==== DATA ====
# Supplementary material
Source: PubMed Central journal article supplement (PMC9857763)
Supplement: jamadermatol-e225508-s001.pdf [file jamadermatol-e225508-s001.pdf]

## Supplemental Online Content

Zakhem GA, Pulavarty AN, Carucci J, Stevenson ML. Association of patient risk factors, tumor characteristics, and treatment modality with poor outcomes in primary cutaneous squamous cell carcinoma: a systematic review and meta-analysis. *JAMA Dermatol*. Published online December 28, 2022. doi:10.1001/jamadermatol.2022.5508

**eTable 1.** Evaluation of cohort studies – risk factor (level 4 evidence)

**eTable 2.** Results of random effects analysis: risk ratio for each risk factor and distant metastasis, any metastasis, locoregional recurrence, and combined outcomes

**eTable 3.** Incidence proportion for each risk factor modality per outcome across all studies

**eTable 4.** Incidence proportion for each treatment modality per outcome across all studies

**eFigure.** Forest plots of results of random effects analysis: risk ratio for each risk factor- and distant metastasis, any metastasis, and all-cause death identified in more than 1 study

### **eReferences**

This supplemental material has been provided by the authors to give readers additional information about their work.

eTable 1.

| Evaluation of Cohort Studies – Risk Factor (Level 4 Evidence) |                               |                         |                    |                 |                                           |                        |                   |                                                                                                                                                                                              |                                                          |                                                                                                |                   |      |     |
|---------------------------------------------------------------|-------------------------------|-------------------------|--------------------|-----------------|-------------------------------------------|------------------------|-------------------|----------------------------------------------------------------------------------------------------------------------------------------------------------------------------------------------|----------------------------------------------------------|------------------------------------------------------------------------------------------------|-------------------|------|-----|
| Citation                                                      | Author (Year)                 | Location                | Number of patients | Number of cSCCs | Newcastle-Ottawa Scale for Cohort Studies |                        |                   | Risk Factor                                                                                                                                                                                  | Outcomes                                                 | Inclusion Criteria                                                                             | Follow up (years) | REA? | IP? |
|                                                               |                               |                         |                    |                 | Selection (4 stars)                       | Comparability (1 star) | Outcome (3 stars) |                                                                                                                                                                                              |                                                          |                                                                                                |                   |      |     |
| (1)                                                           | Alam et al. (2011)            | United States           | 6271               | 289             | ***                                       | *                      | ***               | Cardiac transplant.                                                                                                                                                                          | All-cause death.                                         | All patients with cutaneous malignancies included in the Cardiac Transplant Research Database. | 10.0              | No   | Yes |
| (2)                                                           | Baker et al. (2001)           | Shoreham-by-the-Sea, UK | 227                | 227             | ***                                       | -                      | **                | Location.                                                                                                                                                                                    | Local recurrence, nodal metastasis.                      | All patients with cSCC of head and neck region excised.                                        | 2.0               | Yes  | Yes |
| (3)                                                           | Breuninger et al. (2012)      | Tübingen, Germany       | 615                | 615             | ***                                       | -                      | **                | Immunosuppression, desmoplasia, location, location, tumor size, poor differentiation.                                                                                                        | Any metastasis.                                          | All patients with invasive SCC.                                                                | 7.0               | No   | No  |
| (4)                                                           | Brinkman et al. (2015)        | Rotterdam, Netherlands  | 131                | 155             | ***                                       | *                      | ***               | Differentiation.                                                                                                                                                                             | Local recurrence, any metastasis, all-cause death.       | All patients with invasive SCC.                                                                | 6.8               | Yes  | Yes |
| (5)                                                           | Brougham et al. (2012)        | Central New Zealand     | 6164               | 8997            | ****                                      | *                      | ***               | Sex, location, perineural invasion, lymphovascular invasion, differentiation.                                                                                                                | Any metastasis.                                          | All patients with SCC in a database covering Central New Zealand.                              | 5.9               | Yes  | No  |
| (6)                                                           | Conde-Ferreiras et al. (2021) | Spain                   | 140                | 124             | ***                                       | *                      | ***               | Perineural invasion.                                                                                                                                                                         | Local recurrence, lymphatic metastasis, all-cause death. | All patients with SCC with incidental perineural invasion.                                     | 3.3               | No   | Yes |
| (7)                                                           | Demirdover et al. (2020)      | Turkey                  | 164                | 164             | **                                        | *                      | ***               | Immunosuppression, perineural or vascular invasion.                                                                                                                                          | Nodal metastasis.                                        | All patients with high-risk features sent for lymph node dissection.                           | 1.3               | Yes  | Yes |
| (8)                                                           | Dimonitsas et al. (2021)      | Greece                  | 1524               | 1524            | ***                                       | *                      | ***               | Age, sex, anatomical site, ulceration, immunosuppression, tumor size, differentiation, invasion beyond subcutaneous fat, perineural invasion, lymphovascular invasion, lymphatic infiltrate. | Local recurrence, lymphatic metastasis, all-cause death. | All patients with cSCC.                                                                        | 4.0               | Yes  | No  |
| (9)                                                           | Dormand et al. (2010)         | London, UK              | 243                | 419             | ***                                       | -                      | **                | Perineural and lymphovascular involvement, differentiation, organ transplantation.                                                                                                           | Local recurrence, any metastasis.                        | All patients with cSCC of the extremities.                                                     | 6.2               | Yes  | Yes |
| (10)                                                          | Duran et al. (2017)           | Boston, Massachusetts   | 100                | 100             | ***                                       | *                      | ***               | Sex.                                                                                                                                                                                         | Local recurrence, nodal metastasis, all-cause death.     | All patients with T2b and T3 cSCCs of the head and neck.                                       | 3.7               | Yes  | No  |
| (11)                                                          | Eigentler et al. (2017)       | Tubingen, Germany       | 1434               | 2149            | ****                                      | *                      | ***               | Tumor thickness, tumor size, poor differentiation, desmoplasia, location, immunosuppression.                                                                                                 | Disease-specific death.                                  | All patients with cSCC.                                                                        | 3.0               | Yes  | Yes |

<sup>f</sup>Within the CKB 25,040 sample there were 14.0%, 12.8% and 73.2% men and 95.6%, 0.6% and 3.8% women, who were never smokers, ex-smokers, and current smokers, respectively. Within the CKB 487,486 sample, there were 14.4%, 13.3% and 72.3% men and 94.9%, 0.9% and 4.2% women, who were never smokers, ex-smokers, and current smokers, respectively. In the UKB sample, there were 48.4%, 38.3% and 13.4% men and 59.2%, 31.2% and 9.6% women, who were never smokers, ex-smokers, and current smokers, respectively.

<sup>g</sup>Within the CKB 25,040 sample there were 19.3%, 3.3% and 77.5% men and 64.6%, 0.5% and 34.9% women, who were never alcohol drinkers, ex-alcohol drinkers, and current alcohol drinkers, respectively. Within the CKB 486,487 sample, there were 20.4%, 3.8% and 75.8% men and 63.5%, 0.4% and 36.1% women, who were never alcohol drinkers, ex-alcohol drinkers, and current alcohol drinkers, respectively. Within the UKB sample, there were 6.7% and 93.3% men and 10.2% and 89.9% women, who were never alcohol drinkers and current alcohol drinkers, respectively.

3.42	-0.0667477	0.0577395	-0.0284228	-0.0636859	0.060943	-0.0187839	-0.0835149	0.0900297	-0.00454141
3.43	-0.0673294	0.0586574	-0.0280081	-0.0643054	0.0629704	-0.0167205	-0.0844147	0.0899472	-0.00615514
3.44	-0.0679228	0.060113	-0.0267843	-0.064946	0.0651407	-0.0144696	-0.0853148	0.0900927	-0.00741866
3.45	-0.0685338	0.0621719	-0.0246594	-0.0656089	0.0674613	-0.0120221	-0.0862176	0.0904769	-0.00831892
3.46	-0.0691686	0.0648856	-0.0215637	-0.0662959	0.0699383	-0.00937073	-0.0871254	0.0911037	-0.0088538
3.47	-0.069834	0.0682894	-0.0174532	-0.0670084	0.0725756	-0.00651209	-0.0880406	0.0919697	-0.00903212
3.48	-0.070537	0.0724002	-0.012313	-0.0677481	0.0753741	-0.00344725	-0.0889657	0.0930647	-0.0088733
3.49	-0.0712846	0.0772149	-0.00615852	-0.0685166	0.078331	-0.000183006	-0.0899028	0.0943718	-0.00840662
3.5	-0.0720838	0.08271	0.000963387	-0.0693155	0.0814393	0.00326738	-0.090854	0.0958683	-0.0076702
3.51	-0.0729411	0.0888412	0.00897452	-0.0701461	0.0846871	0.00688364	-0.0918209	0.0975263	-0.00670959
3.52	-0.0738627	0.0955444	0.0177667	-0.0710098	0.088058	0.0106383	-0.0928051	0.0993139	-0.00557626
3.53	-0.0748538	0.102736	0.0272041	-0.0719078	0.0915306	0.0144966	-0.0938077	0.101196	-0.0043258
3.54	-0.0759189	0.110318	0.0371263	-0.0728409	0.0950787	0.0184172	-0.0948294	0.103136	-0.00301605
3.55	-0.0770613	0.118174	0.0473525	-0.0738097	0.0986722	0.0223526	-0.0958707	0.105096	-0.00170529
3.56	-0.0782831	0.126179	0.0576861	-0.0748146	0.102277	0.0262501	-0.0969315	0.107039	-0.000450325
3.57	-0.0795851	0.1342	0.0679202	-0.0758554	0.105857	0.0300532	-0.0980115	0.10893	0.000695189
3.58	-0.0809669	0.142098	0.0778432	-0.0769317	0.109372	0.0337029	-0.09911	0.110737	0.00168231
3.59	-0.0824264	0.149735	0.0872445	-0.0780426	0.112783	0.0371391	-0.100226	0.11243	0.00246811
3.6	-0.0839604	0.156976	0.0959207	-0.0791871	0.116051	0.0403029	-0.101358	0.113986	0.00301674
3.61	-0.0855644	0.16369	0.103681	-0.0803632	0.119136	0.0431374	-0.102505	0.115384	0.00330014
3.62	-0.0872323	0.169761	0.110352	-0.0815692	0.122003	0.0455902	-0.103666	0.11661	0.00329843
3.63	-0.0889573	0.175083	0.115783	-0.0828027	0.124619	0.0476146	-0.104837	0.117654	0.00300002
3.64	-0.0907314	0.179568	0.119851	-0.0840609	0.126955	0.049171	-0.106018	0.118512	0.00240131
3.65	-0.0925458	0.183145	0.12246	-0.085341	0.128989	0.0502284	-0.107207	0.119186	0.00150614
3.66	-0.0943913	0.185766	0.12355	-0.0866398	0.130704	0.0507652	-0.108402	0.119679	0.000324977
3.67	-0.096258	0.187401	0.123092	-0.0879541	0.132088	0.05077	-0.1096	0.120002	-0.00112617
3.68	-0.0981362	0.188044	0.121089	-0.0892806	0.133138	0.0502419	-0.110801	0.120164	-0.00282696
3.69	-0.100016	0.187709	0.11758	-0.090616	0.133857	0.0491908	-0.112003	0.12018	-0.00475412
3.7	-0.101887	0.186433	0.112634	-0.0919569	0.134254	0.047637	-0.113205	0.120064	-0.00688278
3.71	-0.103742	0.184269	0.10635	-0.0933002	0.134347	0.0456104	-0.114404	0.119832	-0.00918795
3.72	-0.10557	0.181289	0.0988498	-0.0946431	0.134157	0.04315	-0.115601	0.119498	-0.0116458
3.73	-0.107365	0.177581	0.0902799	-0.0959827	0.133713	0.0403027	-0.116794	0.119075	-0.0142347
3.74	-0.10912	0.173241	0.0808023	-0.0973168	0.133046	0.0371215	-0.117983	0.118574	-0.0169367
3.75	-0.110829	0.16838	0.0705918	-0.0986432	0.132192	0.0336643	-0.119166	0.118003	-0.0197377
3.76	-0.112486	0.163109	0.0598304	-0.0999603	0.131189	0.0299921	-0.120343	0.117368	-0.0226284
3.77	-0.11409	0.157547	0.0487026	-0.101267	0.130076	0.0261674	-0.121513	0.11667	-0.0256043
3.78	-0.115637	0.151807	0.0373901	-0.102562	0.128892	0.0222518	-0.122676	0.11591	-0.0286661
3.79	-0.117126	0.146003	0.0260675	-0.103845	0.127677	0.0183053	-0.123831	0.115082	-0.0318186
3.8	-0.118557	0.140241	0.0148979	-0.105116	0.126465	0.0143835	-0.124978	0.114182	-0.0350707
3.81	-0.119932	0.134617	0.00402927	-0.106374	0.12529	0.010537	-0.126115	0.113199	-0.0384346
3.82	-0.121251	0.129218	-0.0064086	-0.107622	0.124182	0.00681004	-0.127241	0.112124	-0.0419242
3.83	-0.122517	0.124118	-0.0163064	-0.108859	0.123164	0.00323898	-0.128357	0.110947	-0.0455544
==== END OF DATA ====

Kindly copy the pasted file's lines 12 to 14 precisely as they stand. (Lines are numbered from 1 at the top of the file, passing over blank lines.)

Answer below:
This supplemental material has been provided by the authors to give readers additional information about their work.

eTable 1.

| Evaluation of Cohort Studies – Risk Factor (Level 4 Evidence) |                               |                         |                    |                 |                                           |                        |                   |                                                                                                                                                                                              |                                                          |                                                                                                |                   |      |     |